• Squirrel power: busy rodents have undeniable appeal

    by Cameron Douglas

    standing squirrel CMYKThey’re cute, lively and downright entertaining: chattering between each other, scampering across tree branches, darting along the ground, and occasionally testing your reflexes behind the wheel. Squirrels are the quintessential lovable rodent, endearing themselves to humans with just a twitch of their tails.

    Squirrels are part of the family Sciuridae, a large group that includes tree squirrels, ground squirrels, chipmunks (including woodchucks), flying squirrels, and prairie dogs. The earliest squirrels go back to the Eocene Period, and are most closely related to the mountain beaver and dormouse. More than 200 species of squirrels live in every continent on Earth with the exceptions of Australia and Antarctica.

    The word “squirrel” was first specified in 1327. It came from the Anglo-Norman esquirel from the Old French escurel. Going farther back, the Latin word sciurus was borrowed from the ancient Greek sciouros, meaning “shadow-tailed,” a reference to the specie’s characteristic appendage.

    Ground and tree squirrels are diurnal, while most flying squirrels are nocturnal. Ground squirrels are social while tree squirrels are more the loner type, interacting mostly with mates. The eastern gray squirrel is one of few mammals that can descend a tree head first. They do this by turning the rear paws to face backward — the same as raccoons do. All squirrels have claws that are well suited to climbing and clinging to branches. The tail acts as a rudder to hold course or swerve as needed.
    Tree squirrels typically live in the hollows of trees, or in nests they construct of leaves, twigs and grass that are laid into the crooks of tree branches. The occupants may remain in their homes for several days during cold weather.
    Squirrels breed once or twice a year, birthing from two to eight offspring. Babies are born naked, toothless and blind. The mother will generally care for them, weaning after six to ten weeks. A squirrel lives five to ten years. Most urban squirrels never see their first birthday, due to their inexperience and poor judgment regarding the speed of oncoming automobiles. Nevertheless, squirrel populations are robust.

    Squirrels are unable to digest cellulose. Because of this, they mostly depend on a diet of protein, carbohydrates and fats. Nuts are of course a favorite squirrel snack. In temperate zones, springtime is difficult for squirrels because buried nuts begin to sprout and therefore are not available for eating, while new food sources aren’t ready yet. During these times, squirrels may depend on the buds of trees. Their diet also includes seeds, conifer cones, fruit, fungi, and some green vegetation. Faced with hunger, squirrels will consume meat from various sources.
    The thirteen-lined ground squirrel will actually hunt. In the 1920’s, a researcher named Bailey observed a thirteen-lined squirrel preying on a chicken. Others have been seen consuming freshly killed snakes. Birds, lizards and smaller rodents are occasionally at risk from a marauding squirrel.
    Squirrels themselves are prey to a wide variety of predators, with little in the way of defenses other than flight. Groups of ground squirrels sometimes warn each other of danger with a whistling call.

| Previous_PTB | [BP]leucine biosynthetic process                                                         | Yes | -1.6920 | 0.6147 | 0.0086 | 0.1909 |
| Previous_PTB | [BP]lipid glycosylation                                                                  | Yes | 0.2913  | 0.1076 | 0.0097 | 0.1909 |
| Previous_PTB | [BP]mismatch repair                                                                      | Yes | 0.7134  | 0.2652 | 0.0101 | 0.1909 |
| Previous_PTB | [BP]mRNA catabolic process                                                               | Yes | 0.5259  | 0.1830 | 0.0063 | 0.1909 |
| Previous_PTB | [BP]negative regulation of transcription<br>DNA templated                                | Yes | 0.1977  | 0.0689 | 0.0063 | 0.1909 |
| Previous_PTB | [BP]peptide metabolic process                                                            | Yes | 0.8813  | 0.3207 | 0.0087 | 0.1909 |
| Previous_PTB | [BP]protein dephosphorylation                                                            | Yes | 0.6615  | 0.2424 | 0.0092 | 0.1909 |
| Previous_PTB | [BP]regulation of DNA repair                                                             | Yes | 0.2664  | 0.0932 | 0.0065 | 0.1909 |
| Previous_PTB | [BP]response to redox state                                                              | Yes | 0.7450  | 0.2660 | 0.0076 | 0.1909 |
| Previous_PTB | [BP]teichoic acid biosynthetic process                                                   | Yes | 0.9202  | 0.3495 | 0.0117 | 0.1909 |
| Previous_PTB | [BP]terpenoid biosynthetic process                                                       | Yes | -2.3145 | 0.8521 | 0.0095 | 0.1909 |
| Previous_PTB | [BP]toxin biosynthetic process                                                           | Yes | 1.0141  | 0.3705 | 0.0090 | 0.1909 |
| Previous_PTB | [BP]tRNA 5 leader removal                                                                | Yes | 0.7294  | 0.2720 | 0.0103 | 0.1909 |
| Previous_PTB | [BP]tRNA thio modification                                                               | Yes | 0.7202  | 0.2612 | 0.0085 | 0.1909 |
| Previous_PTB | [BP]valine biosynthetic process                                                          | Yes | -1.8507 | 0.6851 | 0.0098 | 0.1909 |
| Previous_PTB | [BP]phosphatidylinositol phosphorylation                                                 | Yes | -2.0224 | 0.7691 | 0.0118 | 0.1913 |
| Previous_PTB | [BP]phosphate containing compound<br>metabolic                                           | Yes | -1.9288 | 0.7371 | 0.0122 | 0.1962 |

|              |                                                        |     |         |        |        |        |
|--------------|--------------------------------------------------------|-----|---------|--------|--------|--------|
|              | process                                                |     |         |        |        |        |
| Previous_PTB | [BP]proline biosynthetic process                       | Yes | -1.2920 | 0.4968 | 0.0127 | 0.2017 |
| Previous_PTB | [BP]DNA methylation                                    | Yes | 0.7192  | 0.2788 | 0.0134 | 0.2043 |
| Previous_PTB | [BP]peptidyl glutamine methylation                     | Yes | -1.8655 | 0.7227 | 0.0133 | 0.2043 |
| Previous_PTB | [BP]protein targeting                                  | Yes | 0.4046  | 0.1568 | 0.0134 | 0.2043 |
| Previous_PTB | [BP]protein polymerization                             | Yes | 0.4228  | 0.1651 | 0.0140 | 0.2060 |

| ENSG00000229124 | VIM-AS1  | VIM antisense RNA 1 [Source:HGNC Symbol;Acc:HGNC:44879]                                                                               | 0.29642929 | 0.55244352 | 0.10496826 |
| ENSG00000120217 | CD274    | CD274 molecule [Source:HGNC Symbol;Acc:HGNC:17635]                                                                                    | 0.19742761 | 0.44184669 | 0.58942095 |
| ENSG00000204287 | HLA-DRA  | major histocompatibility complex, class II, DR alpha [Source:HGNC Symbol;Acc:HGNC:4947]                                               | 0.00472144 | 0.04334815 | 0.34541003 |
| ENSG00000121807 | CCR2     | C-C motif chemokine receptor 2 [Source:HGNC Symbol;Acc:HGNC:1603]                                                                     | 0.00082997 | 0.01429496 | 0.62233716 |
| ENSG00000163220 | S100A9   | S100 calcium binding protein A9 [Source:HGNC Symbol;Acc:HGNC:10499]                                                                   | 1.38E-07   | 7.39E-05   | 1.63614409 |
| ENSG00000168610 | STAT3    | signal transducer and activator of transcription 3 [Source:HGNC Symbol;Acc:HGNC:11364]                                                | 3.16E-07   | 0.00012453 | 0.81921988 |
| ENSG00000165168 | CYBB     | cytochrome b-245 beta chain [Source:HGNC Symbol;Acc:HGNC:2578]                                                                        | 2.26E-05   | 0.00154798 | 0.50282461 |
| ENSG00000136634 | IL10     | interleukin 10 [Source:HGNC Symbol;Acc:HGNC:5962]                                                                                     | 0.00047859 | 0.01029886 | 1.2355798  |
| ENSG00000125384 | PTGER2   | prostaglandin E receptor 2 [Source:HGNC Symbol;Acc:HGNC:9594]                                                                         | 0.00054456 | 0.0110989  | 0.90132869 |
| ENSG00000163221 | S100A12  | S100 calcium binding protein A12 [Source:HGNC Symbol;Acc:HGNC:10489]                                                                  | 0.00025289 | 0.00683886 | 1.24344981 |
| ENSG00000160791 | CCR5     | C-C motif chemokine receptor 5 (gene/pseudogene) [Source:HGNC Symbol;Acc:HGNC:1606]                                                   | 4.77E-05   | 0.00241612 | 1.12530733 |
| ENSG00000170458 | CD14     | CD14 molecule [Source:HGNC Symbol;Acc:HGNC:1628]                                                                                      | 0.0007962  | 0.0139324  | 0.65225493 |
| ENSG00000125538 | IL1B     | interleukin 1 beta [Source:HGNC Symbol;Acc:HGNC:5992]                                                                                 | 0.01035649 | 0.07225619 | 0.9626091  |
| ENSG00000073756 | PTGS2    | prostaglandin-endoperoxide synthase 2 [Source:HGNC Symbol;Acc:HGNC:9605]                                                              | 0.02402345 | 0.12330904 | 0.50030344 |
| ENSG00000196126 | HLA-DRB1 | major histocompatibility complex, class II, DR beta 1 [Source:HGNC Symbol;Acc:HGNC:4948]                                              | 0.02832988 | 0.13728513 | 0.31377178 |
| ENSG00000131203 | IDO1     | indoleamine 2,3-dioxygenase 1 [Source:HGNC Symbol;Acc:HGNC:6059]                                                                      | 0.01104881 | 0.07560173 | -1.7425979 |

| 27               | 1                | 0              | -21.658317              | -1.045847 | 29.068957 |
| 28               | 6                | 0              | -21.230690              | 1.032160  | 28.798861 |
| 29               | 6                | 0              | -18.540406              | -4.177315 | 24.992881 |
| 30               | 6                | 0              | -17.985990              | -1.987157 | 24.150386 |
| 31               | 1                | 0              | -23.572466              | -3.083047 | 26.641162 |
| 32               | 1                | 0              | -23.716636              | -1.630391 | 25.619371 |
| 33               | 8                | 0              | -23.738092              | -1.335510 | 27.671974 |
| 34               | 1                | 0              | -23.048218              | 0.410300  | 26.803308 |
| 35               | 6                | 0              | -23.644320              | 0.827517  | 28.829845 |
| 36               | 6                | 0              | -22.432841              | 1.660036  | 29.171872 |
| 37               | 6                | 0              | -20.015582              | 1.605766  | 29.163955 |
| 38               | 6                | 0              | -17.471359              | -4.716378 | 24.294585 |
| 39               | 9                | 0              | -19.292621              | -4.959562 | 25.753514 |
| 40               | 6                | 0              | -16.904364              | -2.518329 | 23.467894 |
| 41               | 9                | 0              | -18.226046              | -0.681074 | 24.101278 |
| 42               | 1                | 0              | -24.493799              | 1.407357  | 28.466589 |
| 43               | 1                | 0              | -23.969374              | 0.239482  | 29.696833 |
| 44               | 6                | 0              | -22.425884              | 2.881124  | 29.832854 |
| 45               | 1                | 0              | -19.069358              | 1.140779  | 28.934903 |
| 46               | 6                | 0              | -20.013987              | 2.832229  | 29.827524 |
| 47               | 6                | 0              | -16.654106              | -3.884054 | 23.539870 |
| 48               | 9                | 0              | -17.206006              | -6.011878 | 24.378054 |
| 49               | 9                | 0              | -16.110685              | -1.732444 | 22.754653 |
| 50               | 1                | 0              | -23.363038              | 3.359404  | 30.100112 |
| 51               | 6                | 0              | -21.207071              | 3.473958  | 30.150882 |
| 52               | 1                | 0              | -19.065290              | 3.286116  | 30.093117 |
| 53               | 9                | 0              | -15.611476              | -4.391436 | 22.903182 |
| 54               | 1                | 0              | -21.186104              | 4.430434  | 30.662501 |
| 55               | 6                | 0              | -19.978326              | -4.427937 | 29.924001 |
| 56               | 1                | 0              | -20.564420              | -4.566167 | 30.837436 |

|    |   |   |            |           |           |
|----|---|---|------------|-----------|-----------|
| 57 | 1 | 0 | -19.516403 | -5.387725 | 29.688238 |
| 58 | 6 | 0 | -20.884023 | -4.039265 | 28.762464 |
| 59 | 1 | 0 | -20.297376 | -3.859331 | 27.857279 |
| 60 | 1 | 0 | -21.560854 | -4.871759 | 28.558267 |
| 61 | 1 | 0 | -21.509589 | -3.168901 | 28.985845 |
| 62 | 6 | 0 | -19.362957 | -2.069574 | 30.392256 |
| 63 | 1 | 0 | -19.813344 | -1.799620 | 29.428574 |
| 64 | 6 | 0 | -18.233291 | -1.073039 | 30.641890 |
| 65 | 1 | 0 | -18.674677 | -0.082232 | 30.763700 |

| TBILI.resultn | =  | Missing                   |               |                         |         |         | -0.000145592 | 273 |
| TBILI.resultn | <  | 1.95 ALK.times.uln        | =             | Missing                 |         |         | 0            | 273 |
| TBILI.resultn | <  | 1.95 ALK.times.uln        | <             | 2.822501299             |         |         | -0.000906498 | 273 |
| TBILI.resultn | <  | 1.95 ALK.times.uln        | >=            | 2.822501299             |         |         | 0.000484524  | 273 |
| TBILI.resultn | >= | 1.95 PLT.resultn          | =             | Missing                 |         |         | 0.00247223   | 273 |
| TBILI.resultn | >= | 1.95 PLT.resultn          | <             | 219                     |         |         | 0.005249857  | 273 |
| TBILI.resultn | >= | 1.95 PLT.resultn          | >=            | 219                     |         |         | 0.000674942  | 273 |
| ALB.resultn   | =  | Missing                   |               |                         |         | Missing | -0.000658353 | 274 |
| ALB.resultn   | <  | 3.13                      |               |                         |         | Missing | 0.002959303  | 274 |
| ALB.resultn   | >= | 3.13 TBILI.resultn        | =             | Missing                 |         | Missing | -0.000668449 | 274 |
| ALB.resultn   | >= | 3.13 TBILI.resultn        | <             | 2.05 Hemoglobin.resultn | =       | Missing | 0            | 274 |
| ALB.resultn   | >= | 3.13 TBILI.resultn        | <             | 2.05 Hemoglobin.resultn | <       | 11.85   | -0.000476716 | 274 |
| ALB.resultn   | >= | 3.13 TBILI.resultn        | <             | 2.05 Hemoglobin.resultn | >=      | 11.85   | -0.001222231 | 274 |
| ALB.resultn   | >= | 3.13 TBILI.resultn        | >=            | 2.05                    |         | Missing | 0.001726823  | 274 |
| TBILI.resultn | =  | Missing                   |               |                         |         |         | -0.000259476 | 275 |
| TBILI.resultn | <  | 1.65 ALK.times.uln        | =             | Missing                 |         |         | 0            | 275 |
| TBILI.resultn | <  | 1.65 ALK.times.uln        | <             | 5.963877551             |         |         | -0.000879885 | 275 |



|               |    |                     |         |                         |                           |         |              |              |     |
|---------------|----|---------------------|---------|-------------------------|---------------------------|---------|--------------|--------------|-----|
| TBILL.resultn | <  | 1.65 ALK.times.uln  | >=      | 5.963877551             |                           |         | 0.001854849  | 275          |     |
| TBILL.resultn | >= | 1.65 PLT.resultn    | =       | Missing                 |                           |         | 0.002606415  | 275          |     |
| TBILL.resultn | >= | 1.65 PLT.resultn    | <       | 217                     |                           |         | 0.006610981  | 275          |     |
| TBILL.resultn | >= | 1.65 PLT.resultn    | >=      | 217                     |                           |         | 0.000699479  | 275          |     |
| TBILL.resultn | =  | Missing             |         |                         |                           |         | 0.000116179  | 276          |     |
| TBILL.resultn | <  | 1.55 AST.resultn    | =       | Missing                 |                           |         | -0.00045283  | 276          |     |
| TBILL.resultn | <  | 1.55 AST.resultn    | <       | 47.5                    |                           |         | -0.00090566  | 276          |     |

Like other rodents, squirrels have four front teeth that never stop growing. This works well because squirrels never stop gnawing on things. Their chisel-shaped front teeth can cut into the shells of nuts. Holding the nut in its front paws, the squirrel either gnaws the nut or, keeping its jaws still, twirls the nut against its teeth.

    Any wild animal can carry infectious diseases. Last July, part of the Table Mountain campground in the Angeles National Forest closed after a squirrel that had been trapped tested positive for the plague (usually referred to as bubonic plague). There were no reports of human infection. Human cases of the plague are rare and treatable with antibiotics.

    Here at home, Pacific Grove Animal Control Officer Liz Conti-Yeo reports some of our local squirrels have had mild diseases in the past such as mange, but the population currently appears healthy.
    Squirrels face another danger that has a subsequent impact on human existence — they can cause electrical power outages. It happens when a hapless squirrel touches an energized component, such as the cylindrical transformer at the top of a pole, and a grounded piece of equipment. The ensuing squirrel flambé can knock out power for a few seconds or several hours. Electrical grids are usually able to handle a brief short-circuit like this if the poor creature is thrown clear. If not, then it’s lights out. Last April in Tampa, a “squirrelectrocution” cut service to 700 people. Jon Mooallem, a New York Times columnist, has tracked these events and counts 24 such instances since Memorial Day. Fifteen hundred people went without power in Mason City, Iowa; another 1500 lost electricity in Roanoke, Virginia. Also 5,000 customers in Clackamas County, Oregon. And a total of 10,000 Kentuckians in two instances just a few days apart. Mooallem adds that in 1987 a squirrel shut down the NASDAQ for 82 minutes.
    As with any wild animal, if you observe a squirrel in distress, contact the SPCA or your local animal control officer.
    Send comments or suggestions for future Green Pages to: cameron@cedarstreettimes.com/

    posted to Cedar Street Times on September 20, 2013

    Topics: Cameron Douglas, Green

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